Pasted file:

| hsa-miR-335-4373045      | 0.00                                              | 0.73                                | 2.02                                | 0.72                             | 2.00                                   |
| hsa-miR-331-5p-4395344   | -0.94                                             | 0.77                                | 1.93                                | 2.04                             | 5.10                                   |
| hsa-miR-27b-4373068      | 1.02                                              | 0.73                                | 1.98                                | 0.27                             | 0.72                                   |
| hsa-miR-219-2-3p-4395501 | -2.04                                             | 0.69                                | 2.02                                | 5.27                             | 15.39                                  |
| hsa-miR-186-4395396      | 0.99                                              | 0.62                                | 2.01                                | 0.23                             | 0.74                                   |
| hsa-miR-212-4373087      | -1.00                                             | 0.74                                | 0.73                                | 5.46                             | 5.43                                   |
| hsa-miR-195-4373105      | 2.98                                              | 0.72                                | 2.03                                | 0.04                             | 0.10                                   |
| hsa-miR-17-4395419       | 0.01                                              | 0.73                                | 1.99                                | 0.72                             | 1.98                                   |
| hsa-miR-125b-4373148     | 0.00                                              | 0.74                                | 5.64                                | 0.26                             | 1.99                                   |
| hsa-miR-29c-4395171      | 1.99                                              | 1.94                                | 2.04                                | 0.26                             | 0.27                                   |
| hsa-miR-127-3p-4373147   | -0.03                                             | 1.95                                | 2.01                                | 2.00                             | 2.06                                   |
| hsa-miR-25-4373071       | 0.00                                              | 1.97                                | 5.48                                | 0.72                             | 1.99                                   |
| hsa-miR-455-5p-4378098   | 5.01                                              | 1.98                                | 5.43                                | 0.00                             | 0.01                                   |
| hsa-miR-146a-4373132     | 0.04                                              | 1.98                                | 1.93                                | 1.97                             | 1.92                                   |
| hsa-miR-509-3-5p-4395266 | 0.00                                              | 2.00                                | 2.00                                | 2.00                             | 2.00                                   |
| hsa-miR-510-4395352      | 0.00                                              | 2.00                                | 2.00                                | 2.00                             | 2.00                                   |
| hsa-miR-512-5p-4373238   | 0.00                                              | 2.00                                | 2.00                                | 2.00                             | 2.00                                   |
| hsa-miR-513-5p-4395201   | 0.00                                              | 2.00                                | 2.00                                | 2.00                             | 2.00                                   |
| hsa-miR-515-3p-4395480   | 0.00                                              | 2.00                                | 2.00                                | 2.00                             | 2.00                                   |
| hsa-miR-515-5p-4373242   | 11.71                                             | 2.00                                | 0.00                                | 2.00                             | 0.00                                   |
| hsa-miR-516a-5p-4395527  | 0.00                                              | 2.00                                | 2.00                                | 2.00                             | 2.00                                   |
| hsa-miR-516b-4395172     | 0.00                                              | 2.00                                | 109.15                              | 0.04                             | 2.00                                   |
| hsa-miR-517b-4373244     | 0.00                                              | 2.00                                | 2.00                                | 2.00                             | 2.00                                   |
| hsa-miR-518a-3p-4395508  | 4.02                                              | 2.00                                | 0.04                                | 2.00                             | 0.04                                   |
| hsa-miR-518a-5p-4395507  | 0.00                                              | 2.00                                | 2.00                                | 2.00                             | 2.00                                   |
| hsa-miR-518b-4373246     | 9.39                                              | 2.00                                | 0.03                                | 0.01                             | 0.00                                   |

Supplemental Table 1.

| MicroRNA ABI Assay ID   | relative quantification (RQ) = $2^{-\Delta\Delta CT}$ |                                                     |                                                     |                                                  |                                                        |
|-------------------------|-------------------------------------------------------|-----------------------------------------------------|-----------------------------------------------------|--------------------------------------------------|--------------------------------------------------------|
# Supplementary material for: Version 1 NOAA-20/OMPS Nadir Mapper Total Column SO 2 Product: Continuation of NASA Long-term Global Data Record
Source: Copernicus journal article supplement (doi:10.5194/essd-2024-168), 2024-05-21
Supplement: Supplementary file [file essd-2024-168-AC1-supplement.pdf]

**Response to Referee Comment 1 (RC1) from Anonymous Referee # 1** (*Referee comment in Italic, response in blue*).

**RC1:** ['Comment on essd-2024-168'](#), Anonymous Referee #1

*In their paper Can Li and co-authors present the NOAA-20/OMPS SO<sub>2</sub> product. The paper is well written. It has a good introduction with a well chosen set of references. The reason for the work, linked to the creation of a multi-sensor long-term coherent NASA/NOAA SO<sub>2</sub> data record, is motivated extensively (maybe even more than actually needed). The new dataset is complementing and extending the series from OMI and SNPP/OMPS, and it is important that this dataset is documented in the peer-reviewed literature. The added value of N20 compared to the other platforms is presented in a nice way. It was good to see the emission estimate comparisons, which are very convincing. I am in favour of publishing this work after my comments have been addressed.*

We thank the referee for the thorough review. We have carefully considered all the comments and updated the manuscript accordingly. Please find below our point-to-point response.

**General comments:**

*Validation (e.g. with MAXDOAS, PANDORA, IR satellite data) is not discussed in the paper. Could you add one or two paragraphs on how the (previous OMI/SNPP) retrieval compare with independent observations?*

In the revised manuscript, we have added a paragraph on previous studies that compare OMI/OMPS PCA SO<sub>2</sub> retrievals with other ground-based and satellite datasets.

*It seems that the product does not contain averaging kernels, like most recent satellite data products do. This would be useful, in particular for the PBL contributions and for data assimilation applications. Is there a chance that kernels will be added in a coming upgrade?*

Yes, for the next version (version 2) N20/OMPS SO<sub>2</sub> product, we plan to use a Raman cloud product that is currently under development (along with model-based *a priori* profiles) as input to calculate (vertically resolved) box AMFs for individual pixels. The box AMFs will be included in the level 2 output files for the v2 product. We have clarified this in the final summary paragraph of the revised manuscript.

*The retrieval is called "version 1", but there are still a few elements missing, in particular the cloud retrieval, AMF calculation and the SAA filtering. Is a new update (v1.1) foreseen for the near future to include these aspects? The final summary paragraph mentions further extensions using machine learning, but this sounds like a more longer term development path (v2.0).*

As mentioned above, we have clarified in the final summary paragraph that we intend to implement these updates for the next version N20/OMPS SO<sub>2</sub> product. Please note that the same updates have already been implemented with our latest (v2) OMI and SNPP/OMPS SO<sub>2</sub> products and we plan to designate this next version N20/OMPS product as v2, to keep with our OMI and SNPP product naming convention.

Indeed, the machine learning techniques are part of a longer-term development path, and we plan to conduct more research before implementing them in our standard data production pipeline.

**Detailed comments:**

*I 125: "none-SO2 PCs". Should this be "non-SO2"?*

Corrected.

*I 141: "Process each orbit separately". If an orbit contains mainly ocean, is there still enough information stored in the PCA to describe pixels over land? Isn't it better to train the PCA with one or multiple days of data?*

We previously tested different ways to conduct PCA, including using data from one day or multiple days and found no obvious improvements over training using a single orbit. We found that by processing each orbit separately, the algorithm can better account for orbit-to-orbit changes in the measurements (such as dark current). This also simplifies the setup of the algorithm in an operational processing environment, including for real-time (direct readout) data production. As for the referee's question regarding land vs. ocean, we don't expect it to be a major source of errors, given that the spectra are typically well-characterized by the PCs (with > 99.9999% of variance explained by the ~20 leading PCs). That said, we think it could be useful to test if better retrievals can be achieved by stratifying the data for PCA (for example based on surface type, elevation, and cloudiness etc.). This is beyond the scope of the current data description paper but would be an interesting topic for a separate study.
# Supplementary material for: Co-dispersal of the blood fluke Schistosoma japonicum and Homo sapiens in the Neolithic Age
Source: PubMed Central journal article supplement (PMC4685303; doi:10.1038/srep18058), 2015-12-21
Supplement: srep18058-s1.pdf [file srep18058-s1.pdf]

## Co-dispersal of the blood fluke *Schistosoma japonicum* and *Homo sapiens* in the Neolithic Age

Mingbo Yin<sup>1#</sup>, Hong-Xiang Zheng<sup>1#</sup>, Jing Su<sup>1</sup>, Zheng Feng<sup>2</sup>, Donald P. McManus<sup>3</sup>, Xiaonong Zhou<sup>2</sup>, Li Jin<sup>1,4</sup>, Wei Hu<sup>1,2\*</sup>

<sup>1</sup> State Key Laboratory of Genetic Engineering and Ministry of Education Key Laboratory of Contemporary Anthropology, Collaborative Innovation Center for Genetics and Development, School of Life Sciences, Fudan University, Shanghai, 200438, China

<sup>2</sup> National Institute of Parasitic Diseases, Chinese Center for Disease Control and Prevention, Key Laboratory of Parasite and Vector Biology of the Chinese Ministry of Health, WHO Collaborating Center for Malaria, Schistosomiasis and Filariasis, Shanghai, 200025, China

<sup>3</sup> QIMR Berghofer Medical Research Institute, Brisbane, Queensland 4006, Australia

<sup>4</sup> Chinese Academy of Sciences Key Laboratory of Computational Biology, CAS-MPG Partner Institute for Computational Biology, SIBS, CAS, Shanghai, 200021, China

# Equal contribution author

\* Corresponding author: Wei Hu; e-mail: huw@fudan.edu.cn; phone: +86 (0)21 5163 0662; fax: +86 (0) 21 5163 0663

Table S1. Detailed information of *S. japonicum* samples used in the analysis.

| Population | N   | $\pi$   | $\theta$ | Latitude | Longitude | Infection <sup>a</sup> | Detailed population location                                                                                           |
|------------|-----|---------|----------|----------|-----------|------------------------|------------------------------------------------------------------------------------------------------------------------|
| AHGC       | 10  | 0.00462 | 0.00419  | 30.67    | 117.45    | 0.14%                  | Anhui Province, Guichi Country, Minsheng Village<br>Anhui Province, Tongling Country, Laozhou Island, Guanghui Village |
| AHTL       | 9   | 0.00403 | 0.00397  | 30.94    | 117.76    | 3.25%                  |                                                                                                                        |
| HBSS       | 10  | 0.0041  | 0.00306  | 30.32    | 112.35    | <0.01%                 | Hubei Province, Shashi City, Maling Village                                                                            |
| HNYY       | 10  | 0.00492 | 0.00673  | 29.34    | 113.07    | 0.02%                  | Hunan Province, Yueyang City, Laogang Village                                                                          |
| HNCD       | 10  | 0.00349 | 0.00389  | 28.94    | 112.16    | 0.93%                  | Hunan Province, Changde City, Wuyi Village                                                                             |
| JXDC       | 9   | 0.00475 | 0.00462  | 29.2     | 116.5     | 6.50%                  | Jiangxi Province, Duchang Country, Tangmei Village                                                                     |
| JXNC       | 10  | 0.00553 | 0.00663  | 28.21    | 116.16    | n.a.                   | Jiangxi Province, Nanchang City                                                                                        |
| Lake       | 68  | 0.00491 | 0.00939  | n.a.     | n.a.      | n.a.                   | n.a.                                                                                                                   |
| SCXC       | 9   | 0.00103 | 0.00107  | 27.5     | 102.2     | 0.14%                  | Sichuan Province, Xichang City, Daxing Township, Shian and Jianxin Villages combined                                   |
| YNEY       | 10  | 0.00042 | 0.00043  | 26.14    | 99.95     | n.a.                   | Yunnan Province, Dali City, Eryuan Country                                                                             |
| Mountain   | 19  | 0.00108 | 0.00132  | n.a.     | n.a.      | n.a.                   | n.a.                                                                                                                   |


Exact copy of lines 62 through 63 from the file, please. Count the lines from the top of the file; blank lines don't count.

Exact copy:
| Population | N   | $\pi$   | $\theta$ | Latitude | Longitude | Infection <sup>a</sup> | Detailed population location                                                                                           |
|------------|-----|---------|----------|----------|-----------|------------------------|------------------------------------------------------------------------------------------------------------------------|